Here are the youngest champions ever to represent their country in the Olympics.
Dimitrios Loundras was a gymnast from Greece. At the age of 10 year and 218 days, Loundras remains the youngest Olympian in the history of Olympics. He represented his country at 1896 Summer Olympics which was held in Athens. He bagged a bronze medal in a team event and became the youngest ever to win an Olympic medal.
Loundras took part in parallel bars event and successfully contributed to winning a medal for his team Ethnikos Gymnastics Syllogos. Although only three teams took part in that particular event, Dimitrios Loundras performed like gold medallist because he was the only youngest ever to win an Olympic medal.
Later on in 1905, Loundras pursued his graduation from Royal Hellenic Navy as an Ensign and became an officer. By serving for various commands as well as a naval attaché, he fought in World War I and retired with a rank of Rear Admiral in 1935. But, when the Greco-Italian war broke out in 1940, He was recalled for his service and finally retired in 1945 as Vice Admiral.
He died at the age of 85 and was the last surviving participant from those games.
Born on September 30, 1981 in Hollywood, California, Dominique Moceanu was a gymnast from the USA and represented her country in 1996 Georgia Olympics. She was just 14 when she grabbed a gold medal. She was the youngest member of women’s gymnastics team known as` The Magnificent Seven’. Despite the injury and heavily bandaged leg, Moceanu bravely managed and contributed in U.S. team to nab the gold and become the youngest athlete to win gold in women’s gymnastics.
Moceanu started her training at the age of 10, from then onwards she never took a back step and headed towards the peak. She won the U.S. Junior National all-round title, silver medal in 1995 World Championships and in the following year her dream came true which changed her life remarkably.
As injuries did not allow her to continue gymnastics, hence she took the retirement from the game and now coaches part-time at Gymnastics World in Broadview Heights, Ohio
Marjorie Gestring was one of the youngest athlete’s to compete in Olympics. She was an American springboard diver who participated at the age of 13 years and 268 days. Bagging medals for a multi-time champion is not a big deal. She won a gold medal in 3-metre springboard diving at 1936 Summer Olympics hosted by Berlin. She also received her second Olympic gold medal by the United States Olympic Committee after 1940 Summer Olympics which was abandoned due to World War II. This is because she deserved it as she was a multi-time national diving champion.
After a successful career, she was introduced to the International Swimming Hall Of Fame in 1976 and at the age of 69, she died due to a fatal accident in her home.
Donna De Varona
Donna De Varona qualified at the age of 13 for U.S. swimming team for the 1960 Olympic Games organized in Rome. She was the youngest player in that game. But unfortunately, she had to return empty handed. But she learned her lesson and worked hard with sheer dedication and in Tokyo Olympics four years later, won two gold medals. She remained a world record holder in many events including the most challenging 400 hundred meters individual medley and 100-metre backstroke.
There is no doubt that individual medley is the most difficult thing to do, but it was De Varona’s favorite as she was always ready for challenges.
Gaurika Singh is a Nepalese swimmer. At 13 years and 255 days, Singh became the youngest athlete to compete at the 2016 Rio Olympics. Unfortunately, she did not qualify for the semi-finals of 100-metre backstroke as she stood 31st in the rankings but gave an incredible performance in heat 1.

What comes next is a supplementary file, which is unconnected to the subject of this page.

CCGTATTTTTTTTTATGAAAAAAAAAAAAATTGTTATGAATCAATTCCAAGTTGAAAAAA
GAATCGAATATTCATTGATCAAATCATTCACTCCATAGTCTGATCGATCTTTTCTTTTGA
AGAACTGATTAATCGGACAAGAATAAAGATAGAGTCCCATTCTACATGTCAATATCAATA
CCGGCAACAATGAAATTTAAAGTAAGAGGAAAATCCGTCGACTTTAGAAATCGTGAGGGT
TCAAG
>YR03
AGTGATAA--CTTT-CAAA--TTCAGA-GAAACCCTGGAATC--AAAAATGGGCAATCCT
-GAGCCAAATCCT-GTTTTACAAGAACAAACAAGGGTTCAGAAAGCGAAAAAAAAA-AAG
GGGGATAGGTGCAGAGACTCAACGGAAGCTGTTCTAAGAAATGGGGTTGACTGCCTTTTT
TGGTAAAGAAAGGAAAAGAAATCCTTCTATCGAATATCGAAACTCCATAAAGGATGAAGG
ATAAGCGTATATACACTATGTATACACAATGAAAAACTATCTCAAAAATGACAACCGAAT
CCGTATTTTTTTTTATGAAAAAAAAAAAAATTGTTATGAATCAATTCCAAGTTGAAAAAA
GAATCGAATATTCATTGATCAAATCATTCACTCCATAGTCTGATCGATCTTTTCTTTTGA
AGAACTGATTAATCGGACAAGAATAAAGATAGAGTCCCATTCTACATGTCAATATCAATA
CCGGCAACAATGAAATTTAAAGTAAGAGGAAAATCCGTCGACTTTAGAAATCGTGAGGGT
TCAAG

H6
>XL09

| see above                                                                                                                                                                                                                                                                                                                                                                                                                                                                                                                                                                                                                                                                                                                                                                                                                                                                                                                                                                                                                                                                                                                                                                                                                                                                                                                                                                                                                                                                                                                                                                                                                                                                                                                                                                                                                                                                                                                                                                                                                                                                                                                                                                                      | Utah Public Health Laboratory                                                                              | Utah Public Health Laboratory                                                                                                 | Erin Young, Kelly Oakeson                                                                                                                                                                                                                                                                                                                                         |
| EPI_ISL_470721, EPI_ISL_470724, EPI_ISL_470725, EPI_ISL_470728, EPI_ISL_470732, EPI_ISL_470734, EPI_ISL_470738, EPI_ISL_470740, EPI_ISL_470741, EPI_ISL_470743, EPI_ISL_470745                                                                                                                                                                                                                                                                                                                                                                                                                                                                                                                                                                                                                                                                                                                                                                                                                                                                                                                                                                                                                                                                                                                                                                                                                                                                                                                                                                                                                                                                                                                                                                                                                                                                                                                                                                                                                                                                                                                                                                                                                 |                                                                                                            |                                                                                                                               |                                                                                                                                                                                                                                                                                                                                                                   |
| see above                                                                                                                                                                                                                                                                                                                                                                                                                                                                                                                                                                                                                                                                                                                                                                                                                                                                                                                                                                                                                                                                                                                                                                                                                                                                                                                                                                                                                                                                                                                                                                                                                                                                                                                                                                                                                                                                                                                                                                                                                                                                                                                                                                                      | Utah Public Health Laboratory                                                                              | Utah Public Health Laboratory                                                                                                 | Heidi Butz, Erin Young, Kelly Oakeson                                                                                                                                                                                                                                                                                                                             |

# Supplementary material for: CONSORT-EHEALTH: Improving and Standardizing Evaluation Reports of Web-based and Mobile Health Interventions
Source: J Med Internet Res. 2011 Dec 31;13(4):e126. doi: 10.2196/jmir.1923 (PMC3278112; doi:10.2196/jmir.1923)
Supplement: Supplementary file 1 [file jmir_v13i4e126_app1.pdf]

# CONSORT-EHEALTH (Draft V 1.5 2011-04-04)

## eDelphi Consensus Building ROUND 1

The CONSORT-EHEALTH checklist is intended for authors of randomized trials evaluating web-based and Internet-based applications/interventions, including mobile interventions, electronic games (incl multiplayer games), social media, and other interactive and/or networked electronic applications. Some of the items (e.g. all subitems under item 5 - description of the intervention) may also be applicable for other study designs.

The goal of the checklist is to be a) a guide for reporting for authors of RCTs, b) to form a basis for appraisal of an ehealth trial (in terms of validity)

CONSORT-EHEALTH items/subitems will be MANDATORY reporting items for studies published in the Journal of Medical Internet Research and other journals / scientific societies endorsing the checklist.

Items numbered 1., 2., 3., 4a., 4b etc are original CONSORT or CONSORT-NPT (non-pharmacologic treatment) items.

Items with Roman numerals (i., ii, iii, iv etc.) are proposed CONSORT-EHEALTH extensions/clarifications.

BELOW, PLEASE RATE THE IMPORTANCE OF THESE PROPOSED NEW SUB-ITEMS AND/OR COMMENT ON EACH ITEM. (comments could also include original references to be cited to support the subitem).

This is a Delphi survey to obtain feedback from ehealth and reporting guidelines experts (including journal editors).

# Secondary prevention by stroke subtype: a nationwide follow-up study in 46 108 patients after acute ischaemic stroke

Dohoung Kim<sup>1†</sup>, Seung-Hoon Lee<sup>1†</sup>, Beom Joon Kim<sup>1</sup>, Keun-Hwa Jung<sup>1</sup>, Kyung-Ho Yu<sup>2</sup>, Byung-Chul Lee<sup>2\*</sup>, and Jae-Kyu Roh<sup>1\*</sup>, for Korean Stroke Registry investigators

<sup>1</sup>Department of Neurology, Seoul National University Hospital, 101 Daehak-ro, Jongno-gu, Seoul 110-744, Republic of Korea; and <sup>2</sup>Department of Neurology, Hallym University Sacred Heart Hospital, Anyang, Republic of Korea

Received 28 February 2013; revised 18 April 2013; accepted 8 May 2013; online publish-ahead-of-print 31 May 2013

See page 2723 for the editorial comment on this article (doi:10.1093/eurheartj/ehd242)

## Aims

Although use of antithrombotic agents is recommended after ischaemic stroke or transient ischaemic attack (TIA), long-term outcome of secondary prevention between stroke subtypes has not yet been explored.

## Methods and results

Singh was inclined towards swimming from a very small age and trains in London at Copthall Swimming Club. She is also a goodwill ambassador of the Shanti Education Initiative Nepal.
Youngest Indian Champions
Pillavullakandi Thekkeparambil, popularly known as P. T. Usha is one of the greatest athletes that India has produced. She is the “Queen of Indian Track And Field”. Her talent was first noticed by Mr O. M Nambiar who trained her for the rest of her life. She started racing in the year 1979 and a year later she jumped in Moscow Summer Olympics. At that time, she was just 16 years and 69 days old. However, she was disappointed by her performance when she has ruled out the games in semis.
But later, she won many races and created many records at the Asia level. In 1985, she was awarded Padma Shri and Arjuna Award and made India proud.
Who doesn’t know Abhinav Bindra? He is the ace Indian Rifle Shooter who bagged the gold medal for India in Beijing Olympics. However, Bindra debuted in Sydney Olympics at an early age of 17 and became the youngest participant. Bindra had an interest in shooting from his childhood as his father had installed a shooting range in their home.
Through perseverance and rigorous hard work along with his unwavering dedication, Abhinav Bindra has created his solid position in the world of rifle shooting.
These athletes were successful not just because they were talented but because they worked hard from an early age. India has never enjoyed the kind of success America or China has, for which we blame the system. Although a majority of this failure can be blamed on the system, we are also guilty of spoiling our chances by not giving enough encouragement to sports.
Kids need to be encouraged to pick up a sport. Not every child can be a scientist, doctor or engineer, but he can enjoy the same pride by achieving a Gold Medal for his motherland.
There is no doubt that India has got the talent and potential to bring in scores of medals, but it is up to to the parents, guardians and the teachers to help them achieve their potential.